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Archive for Wednesday, March 19, 2008

Price factors

The cost of the actual food we buy in the supermarket pales by comparison to the cost of processing and shipping it.

March 19, 2008

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It's no news to anyone pushing a shopping cart through a grocery store that prices have been going up. The price of products made from wheat have drawn particular attention because of record high prices being reported on grain exchanges.

It would be wrong, however, to think that wheat farmers in Kansas or anywhere else are reaping a windfall from the price of a bag of pasta or a loaf of bread.

In the first place, most farmers have long since sold last year's wheat crop - and at prices far below the current $11 or $12 per bushel. They thought they were doing well back when they sold their wheat for $8 or $9 a bushel in order to make loan payments or pay fertilizer bills that were due after harvest. Many already have sold this year's wheat through the futures market, but others are hesitant to commit to a price while the market is showing such fluctuation.

Some of the figures reported by the national media also exaggerate how much the price of wheat affects consumer products. An Associated Press article last week implied that most of the reason the price of a loaf of bread had jumped from 69 cents to $1.09 was because of the price of wheat. Yet, elsewhere in the same story, a spokesman for a wheat industry group estimated that consumers pay an additional penny on wheat products for each dollar the per-bushel price for wheat increases. So even if the price of wheat has gone up $10 a bushel, that would account for only a 10 cent increase to consumers, not a 40 cent increase in bread prices.

Far more important than the price of wheat are the costs to package, advertise and transport that bread to market, not to mention paying wages and health insurance costs for bakery employees. According to the Kansas Wheat Commission, a one-pound loaf of bread had about 4 cents worth of wheat in it 10 years ago, compared with about 11 cents per loaf by December 2007. During that same period, the price of a gallon of regular unleaded gasoline rose from about 97 cents to about $3.05. That raises the cost of getting a loaf of bread to market, but it also greatly affects the cost of operating farm machinery and fertilizing crops.

The price of wheat is causing some nervous flour users to call for the government to pull land out of conservation programs or restrict the sale of wheat overseas. That would be an overreaction that would hurt wheat farmers who have worked hard to develop international markets.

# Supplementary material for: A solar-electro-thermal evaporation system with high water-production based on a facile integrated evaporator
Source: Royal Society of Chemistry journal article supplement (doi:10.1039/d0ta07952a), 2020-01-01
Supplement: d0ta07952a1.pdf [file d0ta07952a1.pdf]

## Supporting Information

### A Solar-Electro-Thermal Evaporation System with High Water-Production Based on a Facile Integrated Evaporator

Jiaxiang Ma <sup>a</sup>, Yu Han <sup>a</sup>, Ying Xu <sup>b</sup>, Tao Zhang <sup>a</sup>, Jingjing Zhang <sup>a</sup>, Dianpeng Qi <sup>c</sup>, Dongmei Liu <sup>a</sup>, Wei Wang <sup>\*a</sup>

The fact that food prices are rising is a legitimate concern to families trying to stretch their budgets. But while it may be tempting to make the simple connection between rising wheat prices and the price of bread, it's important to consider the many other factors involved.

Comments

gr 6 years, 4 months ago

Anyone believe if wheat prices fall, that bread prices will, too?

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SpiritTat 6 years, 4 months ago

I agree w/ya, offtotheright (must admit, I'd not oft thought i'd say that in a blog ;)) - just a little good-natured ribbing..)

but I do believe that we'll not see prices go down for much of anything... not down by much ever again in fact.. regardless if wheat, grains to feed livestock & dairy cows, etc goes down. once the powers that be see what they can gouge from consumers, who in their right profit-before-people mind would ever lower it??

love your blogs, folks... you all keep me interested and oft entertained! xoxo

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BigPrune 6 years, 4 months ago

I had a hard time growing wheat and corn last year. I got a nasty letter from the City that I had to mow it down. I just want to reduce my carbon finger foot. I'd move to old West Lawrence, but I'm not fond of using a chamber pot. At least I could grow my crops in peace.

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gr 6 years, 4 months ago

"Whenever I can find locally grown or produced food, I usually buy it. It doesn't cost as much since it wasn't shipped all over the country and it is fresher."

That isn't always true. Sometimes, locally grown or produced food is priced higher. That is because of the "novelty" of being local, and they can charge a higher price. It's kind of like those who voluntarily pay for "green" power from the power company, even though the actual power is no different than if they didn't choose that option.

The same product produced in Lawrence may sell at a lower price in another state in order to compete, but because people are willing to pay for an intangible "feel-good" feeling, it is priced higher locally. Therefore, cost-conscience buyers will non-locally for lesser cost.

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notajayhawk 6 years, 4 months ago

And of course the demand for grains to be used in alternative fuels hasn't had any impact?

Anybody notice what's been happening to the price of pet food or livestock feed lately? Funny, but if the problem is the increased cost of gasoline driving transportation costs up, why does a 20 pound bag of cat litter cost the same as it did before gas prices went up, but a 20 pound bag of cat or dog food has gone up 20-25% or more?

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